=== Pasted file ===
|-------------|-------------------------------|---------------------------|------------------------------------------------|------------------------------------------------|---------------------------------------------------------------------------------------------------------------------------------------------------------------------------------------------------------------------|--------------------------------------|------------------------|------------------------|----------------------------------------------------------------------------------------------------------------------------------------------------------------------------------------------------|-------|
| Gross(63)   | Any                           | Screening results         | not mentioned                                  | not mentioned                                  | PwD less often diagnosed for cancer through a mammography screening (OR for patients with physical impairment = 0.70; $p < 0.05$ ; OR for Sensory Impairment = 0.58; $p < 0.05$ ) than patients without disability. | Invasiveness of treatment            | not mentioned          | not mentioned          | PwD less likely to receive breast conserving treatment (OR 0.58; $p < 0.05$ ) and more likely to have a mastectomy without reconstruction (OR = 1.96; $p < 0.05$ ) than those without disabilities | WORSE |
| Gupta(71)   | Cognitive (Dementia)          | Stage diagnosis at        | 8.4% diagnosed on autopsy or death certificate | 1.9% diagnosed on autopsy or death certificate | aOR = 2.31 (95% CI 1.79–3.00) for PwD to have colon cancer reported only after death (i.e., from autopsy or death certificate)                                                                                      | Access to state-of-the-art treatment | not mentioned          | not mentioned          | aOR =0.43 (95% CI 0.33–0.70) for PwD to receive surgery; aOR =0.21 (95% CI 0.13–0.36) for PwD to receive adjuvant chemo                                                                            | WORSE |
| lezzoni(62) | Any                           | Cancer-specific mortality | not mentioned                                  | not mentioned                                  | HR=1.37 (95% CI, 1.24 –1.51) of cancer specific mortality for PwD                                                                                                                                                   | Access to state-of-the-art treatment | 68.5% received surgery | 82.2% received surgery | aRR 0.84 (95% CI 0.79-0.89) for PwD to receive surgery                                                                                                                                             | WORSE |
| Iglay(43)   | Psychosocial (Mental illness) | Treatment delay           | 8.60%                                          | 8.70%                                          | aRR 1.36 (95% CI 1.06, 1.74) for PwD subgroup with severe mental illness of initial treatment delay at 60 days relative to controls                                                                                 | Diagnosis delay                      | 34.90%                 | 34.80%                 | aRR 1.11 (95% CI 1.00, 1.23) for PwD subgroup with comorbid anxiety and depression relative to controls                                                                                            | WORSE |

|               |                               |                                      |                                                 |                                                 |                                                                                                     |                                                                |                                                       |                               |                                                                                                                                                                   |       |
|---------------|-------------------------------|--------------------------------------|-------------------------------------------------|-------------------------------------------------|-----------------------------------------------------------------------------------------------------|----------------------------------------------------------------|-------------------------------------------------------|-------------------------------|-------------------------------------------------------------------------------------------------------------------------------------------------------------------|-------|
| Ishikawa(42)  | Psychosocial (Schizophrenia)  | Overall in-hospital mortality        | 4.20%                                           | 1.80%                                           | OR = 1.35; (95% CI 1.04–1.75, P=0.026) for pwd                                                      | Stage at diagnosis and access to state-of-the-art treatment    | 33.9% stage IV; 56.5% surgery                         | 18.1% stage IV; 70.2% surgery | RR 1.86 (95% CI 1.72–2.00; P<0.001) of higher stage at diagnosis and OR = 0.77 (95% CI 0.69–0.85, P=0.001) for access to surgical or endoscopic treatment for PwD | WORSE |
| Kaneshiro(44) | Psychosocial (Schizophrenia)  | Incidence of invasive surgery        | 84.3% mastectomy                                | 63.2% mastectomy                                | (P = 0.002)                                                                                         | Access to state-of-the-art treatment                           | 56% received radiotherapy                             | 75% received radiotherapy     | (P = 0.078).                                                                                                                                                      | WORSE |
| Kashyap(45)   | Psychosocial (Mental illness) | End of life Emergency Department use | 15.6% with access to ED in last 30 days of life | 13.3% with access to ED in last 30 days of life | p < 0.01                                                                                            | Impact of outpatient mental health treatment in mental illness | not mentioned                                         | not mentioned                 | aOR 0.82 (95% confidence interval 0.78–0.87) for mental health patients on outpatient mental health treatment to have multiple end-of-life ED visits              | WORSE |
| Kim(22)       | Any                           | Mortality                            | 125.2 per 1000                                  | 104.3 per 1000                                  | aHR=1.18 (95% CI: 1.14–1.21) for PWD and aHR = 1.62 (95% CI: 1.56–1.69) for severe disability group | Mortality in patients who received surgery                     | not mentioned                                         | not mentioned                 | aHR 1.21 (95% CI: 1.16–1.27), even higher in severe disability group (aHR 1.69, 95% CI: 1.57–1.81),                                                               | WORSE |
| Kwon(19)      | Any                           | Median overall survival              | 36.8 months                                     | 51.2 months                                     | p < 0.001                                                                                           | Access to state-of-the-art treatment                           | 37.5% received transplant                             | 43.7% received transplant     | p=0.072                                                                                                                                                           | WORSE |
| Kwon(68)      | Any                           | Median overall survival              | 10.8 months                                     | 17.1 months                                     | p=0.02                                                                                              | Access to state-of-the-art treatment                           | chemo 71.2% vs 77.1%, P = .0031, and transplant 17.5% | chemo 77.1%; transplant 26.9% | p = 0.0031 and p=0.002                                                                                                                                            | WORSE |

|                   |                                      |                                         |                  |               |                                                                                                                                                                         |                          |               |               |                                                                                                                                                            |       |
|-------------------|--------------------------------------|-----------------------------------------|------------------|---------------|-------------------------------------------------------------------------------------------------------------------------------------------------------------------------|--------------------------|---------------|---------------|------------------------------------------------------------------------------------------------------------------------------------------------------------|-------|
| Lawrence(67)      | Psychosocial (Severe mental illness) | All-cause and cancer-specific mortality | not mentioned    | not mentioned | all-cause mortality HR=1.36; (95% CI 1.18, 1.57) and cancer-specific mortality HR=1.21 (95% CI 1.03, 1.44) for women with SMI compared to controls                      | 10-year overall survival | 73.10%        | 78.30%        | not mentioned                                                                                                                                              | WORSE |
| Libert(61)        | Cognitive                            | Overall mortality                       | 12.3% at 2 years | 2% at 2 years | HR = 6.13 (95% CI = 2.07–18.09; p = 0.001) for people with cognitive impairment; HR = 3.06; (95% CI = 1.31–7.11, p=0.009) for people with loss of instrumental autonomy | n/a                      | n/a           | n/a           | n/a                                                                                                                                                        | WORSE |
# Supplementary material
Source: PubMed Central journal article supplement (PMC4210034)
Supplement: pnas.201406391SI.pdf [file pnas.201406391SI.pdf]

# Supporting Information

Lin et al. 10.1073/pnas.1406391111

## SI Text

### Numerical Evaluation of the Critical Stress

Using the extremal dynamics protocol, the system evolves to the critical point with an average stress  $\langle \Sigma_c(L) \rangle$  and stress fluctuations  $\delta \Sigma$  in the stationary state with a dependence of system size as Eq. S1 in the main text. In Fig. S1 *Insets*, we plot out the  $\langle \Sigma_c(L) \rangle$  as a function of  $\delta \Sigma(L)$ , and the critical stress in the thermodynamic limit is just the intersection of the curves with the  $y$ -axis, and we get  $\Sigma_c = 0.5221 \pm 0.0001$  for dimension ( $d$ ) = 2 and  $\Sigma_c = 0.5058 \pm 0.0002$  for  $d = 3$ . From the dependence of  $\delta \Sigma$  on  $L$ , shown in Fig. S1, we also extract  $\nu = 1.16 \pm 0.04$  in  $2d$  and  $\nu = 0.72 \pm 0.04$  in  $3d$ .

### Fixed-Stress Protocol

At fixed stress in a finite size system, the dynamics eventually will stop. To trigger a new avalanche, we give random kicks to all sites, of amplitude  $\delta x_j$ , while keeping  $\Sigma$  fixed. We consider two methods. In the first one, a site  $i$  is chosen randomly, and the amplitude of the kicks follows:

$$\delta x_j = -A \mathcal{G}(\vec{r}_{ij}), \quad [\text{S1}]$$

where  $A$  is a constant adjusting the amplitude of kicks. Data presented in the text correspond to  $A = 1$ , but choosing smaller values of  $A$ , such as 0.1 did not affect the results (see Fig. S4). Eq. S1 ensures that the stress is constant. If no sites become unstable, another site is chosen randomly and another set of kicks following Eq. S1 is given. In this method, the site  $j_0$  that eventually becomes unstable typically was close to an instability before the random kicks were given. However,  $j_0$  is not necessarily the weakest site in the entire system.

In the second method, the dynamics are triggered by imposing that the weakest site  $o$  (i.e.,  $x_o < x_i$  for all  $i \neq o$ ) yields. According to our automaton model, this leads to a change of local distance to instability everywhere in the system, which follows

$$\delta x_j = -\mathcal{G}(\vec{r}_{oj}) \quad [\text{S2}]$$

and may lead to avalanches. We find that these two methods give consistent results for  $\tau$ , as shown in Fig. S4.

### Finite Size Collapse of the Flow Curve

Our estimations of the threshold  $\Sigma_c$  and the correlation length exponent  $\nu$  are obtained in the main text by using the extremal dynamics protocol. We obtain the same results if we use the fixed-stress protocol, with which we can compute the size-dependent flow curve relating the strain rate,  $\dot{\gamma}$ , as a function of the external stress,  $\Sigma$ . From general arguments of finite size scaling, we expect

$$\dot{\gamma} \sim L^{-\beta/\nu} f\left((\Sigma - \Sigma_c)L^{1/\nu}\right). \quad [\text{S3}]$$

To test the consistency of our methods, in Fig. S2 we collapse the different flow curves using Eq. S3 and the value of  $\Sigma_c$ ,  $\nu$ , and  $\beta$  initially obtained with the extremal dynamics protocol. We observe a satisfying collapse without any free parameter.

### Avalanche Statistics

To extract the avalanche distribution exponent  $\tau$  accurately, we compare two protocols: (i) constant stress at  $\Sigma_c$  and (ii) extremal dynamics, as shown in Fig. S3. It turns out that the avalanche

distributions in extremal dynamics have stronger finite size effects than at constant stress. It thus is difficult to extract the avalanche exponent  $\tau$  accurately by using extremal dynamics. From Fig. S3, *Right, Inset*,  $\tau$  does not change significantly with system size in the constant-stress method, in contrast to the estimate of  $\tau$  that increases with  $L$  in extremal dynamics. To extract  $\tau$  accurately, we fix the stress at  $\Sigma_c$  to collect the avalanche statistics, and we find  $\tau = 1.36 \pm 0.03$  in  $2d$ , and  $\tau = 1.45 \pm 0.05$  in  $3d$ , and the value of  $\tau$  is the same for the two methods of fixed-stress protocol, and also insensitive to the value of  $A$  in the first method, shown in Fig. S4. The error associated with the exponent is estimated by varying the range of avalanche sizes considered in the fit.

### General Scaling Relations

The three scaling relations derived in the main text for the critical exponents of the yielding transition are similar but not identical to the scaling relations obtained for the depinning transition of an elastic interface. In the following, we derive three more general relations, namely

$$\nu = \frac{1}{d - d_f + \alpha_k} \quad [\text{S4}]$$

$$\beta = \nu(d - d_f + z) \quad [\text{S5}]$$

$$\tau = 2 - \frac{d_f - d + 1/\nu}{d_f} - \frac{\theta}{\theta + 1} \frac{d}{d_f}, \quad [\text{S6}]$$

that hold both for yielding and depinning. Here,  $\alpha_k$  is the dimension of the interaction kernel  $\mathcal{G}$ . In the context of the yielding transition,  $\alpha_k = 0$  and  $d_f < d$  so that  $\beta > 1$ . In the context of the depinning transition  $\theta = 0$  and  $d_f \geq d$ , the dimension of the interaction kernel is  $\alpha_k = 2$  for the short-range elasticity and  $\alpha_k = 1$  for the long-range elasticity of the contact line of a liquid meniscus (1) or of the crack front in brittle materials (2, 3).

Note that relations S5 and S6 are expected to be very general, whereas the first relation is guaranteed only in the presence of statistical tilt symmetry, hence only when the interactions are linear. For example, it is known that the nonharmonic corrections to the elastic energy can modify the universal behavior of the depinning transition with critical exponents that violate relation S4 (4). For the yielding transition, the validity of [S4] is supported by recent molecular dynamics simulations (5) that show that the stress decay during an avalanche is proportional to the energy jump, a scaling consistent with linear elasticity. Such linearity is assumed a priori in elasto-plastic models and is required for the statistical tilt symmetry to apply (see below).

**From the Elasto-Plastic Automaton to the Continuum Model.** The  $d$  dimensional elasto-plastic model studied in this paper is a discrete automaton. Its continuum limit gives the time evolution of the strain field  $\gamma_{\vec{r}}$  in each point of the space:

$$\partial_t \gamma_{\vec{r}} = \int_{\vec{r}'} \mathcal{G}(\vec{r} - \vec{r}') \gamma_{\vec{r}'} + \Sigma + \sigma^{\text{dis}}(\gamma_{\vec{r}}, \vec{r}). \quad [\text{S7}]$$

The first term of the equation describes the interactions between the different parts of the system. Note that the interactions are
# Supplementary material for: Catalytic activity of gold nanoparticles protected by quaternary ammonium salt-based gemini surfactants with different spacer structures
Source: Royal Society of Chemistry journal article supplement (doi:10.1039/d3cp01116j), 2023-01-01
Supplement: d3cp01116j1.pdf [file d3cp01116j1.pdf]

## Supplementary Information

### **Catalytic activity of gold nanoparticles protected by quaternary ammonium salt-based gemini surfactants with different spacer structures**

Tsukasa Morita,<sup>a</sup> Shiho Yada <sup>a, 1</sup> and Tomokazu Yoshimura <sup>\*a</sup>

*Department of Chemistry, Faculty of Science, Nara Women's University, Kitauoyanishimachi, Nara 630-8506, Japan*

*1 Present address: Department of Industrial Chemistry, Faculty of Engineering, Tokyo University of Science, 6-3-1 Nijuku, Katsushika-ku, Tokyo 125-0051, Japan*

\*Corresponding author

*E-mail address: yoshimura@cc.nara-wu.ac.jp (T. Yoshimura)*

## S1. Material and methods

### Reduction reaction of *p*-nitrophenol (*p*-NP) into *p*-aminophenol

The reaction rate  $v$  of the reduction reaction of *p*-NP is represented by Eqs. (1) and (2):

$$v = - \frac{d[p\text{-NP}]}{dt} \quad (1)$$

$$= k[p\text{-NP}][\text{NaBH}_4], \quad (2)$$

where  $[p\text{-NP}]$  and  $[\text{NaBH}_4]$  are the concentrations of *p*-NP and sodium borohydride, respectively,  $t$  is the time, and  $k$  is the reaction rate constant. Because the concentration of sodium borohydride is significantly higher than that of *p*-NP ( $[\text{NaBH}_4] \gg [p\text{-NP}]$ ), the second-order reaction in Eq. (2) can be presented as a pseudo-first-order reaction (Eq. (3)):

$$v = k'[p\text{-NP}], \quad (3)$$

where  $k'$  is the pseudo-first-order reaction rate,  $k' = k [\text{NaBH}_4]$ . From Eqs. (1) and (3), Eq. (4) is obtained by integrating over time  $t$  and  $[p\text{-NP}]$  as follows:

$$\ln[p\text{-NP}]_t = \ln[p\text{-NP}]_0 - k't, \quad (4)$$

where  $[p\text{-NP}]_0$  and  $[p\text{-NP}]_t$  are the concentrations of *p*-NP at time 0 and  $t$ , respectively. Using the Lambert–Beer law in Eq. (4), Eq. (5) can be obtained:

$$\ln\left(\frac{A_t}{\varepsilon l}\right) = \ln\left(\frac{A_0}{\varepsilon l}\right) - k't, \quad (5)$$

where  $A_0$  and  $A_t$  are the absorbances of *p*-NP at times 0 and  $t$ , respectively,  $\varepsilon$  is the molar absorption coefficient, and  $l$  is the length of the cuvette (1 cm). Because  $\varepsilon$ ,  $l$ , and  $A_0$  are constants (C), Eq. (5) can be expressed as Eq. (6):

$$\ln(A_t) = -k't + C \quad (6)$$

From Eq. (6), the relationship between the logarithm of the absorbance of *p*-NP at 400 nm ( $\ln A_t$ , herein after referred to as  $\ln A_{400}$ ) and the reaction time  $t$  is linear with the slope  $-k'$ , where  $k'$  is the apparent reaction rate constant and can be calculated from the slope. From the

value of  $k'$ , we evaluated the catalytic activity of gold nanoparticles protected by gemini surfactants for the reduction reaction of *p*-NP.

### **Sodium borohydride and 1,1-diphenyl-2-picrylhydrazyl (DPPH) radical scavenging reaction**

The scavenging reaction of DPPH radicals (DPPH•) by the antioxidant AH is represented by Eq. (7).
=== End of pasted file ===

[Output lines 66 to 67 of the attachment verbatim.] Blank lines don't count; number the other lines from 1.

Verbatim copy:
$$v = k'[p\text{-NP}], \quad (3)$$

where  $k'$  is the pseudo-first-order reaction rate,  $k' = k [\text{NaBH}_4]$ . From Eqs. (1) and (3), Eq. (4) is obtained by integrating over time  $t$  and  $[p\text{-NP}]$  as follows: